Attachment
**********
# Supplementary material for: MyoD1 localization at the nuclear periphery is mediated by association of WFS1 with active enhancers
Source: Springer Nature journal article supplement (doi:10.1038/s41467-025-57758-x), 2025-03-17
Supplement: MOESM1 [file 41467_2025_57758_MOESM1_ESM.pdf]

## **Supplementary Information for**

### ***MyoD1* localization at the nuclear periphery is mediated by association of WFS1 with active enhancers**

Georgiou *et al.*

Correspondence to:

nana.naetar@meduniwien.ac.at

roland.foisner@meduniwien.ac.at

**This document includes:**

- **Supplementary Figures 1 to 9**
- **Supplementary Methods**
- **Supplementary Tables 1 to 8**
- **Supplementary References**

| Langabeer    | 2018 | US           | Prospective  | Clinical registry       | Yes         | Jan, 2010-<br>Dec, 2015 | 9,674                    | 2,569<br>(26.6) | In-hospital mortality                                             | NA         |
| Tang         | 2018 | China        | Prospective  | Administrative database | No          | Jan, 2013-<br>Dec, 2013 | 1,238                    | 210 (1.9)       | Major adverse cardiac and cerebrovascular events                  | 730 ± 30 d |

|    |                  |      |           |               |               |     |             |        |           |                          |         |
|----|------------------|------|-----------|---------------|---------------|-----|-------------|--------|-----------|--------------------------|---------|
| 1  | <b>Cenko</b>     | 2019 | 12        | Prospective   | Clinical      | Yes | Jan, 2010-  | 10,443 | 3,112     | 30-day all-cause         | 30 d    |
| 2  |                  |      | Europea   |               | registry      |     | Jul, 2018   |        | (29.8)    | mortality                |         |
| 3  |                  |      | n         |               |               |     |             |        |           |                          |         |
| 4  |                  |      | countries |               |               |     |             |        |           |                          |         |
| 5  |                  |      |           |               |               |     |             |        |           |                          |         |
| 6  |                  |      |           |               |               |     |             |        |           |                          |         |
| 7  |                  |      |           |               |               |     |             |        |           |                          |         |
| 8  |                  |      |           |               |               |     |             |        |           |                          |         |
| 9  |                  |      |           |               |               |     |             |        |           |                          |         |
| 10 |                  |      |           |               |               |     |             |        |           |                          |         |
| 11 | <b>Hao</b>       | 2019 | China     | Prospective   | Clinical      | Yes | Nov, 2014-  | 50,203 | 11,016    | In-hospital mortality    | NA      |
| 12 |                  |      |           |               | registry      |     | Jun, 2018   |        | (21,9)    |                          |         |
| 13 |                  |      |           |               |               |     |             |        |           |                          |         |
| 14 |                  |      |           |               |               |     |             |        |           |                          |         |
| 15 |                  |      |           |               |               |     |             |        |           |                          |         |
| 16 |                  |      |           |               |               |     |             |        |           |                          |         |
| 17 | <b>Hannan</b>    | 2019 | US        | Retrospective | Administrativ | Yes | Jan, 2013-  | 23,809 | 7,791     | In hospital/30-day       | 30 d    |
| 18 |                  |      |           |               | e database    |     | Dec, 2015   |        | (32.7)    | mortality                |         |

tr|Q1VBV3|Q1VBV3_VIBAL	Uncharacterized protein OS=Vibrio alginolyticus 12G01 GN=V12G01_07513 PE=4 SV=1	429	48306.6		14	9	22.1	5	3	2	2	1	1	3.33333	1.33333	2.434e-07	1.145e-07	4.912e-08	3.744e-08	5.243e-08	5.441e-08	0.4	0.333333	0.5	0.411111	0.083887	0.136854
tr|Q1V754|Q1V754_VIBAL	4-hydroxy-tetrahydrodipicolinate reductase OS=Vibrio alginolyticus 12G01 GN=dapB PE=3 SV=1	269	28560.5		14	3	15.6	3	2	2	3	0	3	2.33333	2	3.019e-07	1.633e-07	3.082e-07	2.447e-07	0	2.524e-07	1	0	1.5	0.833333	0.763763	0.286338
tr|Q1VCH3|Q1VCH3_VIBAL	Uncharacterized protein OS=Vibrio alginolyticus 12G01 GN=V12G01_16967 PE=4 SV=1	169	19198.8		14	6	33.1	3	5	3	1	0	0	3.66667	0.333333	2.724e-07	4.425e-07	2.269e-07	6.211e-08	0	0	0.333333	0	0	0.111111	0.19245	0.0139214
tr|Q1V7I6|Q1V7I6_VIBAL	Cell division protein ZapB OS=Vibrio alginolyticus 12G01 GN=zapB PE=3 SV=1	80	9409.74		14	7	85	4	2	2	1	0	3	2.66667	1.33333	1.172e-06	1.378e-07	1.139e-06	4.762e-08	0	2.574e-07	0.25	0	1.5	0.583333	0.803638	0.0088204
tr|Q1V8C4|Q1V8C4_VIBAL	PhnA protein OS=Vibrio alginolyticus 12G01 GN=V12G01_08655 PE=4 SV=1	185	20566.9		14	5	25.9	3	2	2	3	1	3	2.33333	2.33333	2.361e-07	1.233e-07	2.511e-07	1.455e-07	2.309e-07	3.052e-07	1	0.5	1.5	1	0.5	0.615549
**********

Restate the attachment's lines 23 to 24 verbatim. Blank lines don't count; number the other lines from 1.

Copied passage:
| 5  |                  |      |           |               |               |     |             |        |           |                          |         |
| 6  |                  |      |           |               |               |     |             |        |           |                          |         |